Since Trump became president, the EPA has given 85 oil refineries exemptions from blending ethanol into the gasoline they sell. That has removed 4 billion gallons of corn-based ethanol from the market, angering farmers who rely on the ethanol industry to buy nearly 40% of the corn crop produced to make the renewable fuel additive.
After months of pressure from farmers, trade groups and lawmakers and governors in farm states, Trump on Oct. 4 announced plans to require oil refineries to replace the ethanol gallons lost through the exemptions.
Farmers and lawmakers say the EPA had agreed to add waived ethanol back into the fuel supply by calculating the amount waived over a three-year period, which would add about 1.3 billion gallons (2.5 billion imperial gallons) of biofuels back into the nation's fuel supply next year. That would ensure that beginning in 2020 the government would comply with the 15 billion gallon (12.5 billion imperial gallon) standard already required under federal law. The deal would not restore the already lost biofuels, a compromise the industry was willing to make in exchange for an EPA promise to change policy going forward.
On Tuesday, the EPA released the draft rule that would use a three-year average of gallons the Energy Department recommended waiving instead of the actual waived amount, increasing biofuels blending by about 770 million gallons (641 million imperial gallons), about half of what the industry expected.
"I thought a deal was a deal. When Donald Trump makes a deal isn't it a deal?" said Monte Shaw, executive director of the Iowa Renewable Fuels Association, a trade group for the 43 ethanol plants and 11 biodiesel refineries in Iowa, the nation's largest biofuels producer.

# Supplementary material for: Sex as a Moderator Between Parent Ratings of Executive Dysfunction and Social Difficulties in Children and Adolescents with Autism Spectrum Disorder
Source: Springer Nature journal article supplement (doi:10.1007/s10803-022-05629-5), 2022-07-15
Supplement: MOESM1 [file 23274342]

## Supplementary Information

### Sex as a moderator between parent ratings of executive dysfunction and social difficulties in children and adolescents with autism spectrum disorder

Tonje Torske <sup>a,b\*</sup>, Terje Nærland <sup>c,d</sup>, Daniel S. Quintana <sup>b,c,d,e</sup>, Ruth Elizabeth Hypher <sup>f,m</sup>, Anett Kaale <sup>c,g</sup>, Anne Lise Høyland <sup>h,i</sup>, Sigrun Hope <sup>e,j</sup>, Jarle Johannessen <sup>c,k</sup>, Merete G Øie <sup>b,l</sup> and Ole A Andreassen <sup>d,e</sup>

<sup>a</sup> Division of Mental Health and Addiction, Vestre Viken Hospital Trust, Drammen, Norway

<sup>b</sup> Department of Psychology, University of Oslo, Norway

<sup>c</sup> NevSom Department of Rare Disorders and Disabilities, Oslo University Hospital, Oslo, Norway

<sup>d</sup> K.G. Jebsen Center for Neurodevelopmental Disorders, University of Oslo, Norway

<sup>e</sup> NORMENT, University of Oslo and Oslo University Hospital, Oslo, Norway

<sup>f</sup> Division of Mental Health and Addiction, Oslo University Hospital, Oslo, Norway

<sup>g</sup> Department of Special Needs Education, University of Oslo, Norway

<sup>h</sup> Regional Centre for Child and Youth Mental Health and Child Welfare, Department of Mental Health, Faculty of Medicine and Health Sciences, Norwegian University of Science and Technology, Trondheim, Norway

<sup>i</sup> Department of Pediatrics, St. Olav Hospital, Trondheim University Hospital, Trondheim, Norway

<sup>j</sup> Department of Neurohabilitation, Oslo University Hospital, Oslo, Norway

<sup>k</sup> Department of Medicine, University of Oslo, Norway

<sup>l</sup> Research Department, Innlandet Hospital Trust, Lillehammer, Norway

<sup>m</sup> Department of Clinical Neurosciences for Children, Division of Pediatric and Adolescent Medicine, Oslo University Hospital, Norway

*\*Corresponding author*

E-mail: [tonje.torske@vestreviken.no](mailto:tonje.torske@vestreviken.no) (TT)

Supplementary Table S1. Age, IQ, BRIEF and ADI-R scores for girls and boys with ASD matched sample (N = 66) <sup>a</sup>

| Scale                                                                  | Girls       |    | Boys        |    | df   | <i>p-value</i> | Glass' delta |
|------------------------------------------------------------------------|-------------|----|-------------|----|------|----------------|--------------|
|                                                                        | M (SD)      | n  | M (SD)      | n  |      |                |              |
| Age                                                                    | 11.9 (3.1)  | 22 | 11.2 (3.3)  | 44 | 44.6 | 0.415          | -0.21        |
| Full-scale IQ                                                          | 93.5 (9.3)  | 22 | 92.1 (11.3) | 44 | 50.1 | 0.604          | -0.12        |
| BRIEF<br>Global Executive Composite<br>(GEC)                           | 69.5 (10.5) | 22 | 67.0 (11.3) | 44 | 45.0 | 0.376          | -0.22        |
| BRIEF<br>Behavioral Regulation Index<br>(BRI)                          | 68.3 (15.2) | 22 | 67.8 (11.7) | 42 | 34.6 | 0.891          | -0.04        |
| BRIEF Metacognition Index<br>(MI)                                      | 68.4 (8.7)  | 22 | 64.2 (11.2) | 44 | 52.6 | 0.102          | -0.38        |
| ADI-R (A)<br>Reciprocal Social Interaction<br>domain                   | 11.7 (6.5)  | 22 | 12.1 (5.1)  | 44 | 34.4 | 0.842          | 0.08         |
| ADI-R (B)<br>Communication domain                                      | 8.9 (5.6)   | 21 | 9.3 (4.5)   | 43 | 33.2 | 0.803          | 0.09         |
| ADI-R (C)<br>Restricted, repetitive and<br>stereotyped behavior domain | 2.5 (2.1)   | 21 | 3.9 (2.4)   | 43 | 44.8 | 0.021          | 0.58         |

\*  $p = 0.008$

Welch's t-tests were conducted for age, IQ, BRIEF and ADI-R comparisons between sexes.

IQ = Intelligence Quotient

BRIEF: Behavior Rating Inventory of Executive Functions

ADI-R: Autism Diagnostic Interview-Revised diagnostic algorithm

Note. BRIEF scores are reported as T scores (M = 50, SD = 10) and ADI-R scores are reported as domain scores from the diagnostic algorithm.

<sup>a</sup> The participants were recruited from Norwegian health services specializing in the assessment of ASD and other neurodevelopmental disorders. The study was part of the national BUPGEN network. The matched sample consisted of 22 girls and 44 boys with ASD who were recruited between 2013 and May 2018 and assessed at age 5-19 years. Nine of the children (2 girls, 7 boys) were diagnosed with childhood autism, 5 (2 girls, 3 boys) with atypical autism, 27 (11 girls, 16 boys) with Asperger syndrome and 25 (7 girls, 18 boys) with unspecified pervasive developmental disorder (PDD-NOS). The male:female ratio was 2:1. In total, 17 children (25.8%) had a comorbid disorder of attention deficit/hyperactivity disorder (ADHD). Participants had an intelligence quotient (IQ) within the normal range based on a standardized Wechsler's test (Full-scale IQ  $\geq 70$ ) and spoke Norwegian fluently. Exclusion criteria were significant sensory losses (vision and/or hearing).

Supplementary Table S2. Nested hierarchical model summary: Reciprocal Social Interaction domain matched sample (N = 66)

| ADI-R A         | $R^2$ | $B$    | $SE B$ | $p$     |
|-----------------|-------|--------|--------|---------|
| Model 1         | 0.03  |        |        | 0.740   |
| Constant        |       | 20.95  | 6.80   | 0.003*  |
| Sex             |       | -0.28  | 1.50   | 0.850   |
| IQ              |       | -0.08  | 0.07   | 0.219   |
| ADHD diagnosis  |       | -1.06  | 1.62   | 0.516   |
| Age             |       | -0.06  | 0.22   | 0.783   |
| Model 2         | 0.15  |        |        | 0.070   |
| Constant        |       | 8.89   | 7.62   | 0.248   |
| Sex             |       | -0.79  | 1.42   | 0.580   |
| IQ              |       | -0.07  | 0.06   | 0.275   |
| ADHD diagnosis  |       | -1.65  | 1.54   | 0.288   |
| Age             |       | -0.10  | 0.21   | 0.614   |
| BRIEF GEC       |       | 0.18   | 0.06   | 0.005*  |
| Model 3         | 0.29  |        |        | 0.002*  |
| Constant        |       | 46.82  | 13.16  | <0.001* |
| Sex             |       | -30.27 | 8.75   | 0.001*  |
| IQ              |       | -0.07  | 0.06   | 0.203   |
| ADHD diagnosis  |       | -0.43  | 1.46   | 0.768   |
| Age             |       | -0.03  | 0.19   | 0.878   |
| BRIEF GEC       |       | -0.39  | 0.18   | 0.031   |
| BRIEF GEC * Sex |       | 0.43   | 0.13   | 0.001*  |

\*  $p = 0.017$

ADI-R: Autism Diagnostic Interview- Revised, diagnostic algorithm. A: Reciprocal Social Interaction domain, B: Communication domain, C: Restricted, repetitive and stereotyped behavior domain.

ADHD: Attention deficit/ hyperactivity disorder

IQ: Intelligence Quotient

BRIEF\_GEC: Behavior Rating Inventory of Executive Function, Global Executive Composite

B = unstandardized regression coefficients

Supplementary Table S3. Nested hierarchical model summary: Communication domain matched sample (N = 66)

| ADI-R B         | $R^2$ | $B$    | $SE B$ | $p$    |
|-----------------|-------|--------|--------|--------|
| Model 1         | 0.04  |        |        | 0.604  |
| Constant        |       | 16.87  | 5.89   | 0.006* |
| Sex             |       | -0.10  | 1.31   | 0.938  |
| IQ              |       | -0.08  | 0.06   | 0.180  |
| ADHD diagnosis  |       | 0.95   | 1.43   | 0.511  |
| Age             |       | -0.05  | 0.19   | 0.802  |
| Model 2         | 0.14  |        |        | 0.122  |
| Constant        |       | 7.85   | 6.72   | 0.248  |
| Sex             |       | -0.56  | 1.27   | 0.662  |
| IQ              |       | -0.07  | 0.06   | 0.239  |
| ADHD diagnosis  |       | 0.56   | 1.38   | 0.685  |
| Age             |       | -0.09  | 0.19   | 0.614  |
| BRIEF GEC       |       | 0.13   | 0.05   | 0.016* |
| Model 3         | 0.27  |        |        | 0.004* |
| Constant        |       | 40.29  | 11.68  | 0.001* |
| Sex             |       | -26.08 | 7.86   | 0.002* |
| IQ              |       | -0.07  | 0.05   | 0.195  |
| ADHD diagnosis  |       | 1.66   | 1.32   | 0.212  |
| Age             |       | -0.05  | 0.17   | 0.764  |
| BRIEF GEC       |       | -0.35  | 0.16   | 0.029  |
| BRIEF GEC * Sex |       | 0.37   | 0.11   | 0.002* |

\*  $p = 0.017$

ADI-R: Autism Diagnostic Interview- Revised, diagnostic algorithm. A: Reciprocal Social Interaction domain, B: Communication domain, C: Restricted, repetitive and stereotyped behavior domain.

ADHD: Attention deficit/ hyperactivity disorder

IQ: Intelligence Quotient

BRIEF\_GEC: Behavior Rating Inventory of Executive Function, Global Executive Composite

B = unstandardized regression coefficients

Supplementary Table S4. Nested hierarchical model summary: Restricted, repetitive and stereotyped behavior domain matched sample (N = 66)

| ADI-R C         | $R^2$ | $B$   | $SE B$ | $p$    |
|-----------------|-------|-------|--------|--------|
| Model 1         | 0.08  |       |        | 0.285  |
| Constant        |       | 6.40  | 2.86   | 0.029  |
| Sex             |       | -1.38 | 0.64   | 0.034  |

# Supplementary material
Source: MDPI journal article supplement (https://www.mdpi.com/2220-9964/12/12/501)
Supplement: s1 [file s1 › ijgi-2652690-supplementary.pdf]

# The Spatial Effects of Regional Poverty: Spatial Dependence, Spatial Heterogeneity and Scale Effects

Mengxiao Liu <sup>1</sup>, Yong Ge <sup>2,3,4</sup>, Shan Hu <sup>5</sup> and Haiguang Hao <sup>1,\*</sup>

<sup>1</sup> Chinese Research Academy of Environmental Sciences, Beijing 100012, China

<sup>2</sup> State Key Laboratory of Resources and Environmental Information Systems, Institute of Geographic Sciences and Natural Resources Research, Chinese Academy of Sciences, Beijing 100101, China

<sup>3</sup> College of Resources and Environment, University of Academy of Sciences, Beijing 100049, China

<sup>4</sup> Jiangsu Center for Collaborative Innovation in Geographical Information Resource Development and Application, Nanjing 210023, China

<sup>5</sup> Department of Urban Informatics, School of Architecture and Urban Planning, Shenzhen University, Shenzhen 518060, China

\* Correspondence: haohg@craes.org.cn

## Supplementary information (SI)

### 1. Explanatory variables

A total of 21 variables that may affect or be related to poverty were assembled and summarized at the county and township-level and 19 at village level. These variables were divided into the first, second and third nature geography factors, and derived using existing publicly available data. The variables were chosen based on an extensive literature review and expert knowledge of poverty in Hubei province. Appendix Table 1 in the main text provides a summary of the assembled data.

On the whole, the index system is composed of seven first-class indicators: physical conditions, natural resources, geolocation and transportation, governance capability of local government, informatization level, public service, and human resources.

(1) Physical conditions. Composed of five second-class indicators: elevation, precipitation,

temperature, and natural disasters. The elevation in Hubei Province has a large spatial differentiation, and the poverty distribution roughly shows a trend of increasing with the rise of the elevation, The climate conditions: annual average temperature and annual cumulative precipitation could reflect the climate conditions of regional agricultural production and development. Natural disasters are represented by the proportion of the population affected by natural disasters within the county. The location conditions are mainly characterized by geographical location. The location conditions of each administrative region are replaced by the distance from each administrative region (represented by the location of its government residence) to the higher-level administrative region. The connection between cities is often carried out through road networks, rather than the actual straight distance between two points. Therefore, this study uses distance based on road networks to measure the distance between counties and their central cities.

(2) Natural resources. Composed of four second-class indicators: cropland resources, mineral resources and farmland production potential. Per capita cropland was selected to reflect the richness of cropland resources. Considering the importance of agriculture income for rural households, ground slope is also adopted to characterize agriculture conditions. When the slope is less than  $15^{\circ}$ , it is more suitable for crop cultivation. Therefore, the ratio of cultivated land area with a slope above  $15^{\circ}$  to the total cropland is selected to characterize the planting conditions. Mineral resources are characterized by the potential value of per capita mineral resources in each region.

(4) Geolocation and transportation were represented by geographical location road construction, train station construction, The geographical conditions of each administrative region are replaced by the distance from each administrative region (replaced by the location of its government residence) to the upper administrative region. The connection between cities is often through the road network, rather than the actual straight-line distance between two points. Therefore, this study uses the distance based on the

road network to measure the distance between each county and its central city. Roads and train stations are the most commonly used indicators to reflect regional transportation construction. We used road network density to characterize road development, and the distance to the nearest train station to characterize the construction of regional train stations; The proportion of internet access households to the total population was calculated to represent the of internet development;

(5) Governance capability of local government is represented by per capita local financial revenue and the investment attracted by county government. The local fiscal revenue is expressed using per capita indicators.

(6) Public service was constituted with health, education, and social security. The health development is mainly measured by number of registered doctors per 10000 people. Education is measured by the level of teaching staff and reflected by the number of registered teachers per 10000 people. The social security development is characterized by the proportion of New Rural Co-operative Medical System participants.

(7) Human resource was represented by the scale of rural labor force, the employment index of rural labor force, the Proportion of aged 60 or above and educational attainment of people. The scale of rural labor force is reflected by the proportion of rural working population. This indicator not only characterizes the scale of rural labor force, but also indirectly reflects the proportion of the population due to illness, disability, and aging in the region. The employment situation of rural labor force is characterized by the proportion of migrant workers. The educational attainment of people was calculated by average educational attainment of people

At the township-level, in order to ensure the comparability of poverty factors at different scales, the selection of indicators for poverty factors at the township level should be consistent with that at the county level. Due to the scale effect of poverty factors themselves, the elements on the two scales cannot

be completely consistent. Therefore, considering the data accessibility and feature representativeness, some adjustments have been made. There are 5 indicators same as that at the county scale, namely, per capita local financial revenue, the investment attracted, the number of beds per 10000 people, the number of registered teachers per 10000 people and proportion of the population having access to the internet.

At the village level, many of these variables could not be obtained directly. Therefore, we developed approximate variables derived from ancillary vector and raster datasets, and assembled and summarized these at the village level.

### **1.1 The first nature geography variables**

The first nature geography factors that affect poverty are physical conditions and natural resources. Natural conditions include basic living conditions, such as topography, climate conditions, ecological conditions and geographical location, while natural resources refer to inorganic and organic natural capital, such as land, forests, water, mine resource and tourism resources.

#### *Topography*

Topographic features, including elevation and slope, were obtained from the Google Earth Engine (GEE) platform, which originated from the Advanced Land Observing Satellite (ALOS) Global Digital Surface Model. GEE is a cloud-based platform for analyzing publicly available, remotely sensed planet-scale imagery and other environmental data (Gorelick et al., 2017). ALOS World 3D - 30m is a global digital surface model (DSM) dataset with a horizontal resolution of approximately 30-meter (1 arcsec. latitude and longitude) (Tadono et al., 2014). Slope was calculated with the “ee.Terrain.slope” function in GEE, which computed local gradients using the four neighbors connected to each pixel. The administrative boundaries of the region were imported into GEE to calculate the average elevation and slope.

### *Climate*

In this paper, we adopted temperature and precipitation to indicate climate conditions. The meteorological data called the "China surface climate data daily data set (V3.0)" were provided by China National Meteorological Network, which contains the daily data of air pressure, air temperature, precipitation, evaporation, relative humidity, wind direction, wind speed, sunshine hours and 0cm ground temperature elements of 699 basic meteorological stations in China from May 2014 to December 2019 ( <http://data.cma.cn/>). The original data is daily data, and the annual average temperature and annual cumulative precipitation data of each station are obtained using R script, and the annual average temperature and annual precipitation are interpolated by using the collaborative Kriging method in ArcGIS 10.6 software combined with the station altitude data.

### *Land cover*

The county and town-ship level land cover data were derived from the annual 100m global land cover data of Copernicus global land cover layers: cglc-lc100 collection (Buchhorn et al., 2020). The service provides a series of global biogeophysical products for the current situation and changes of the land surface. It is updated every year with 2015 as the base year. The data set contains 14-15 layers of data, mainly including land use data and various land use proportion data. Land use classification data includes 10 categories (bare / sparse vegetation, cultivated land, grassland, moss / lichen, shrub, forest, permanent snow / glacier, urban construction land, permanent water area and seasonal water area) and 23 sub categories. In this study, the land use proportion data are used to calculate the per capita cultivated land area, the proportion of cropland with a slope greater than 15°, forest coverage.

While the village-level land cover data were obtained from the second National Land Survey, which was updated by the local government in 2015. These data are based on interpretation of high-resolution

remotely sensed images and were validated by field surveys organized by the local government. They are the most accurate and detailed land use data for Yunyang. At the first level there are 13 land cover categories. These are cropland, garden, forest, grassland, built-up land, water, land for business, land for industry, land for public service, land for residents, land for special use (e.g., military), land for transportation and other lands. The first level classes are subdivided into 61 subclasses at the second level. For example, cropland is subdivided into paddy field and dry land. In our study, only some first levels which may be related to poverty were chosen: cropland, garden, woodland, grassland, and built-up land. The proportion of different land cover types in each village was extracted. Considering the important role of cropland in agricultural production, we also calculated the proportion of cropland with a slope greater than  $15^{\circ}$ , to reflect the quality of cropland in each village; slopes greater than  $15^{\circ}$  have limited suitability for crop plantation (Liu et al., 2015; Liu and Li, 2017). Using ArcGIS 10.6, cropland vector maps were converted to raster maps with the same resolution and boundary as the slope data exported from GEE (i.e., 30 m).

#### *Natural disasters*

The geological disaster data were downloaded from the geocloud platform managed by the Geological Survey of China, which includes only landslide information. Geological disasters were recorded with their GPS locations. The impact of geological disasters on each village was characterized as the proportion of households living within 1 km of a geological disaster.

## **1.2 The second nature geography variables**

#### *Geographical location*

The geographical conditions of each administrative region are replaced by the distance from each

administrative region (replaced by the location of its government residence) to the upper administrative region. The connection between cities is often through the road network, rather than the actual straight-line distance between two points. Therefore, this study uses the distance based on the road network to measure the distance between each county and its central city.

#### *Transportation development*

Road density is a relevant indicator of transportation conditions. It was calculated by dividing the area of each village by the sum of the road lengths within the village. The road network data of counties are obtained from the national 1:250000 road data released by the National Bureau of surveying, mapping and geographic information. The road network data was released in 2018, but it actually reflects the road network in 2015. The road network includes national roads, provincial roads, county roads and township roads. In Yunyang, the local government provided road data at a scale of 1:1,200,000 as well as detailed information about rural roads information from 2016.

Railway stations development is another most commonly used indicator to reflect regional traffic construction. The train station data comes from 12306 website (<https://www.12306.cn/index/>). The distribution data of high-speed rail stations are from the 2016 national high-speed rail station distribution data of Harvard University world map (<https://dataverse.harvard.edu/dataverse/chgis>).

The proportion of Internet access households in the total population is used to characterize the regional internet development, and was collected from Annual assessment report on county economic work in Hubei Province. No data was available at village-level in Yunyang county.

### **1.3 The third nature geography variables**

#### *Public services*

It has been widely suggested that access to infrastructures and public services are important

The exemptions were designed to ease the burden on small refineries that might not be able to economically blend required ethanol amounts, but the EPA under Trump has allowed exemptions for profitable larger refineries.
The exemptions have led to the closing of 20 ethanol plants nationwide, Shaw said. "My personal perspective is that President Trump has lost a lot of support," said Kelly Nieuwenhuis, a farmer in Primghar in northwest Iowa and board president of an idled ethanol plant in Sioux Center. "Pretty much everyone I have talked to that's involved in agriculture and the biofuels industry have really lost trust and are really frustrated."
Iowa Corn Growers Association CEO Craig Floss said corn farmers are outraged. A spokesman for the EPA said in response to an email seeking comment that the draft rule "is the text of the agreement negotiated by President Trump, USDA and EPA that was announced on October 4."
The EPA will take comments for 30 days, hold a public hearing on Oct. 30, then release a final rule. Shaw said Trump could regain some trust by forcing the EPA to stand by the deal that was made on Oct. 4.
"I don't think it's too late to get this back on track and restore some of that confidence," he said. "But if it's finalized as it is it becomes Trump administration policy and the buck stops at the Oval Office."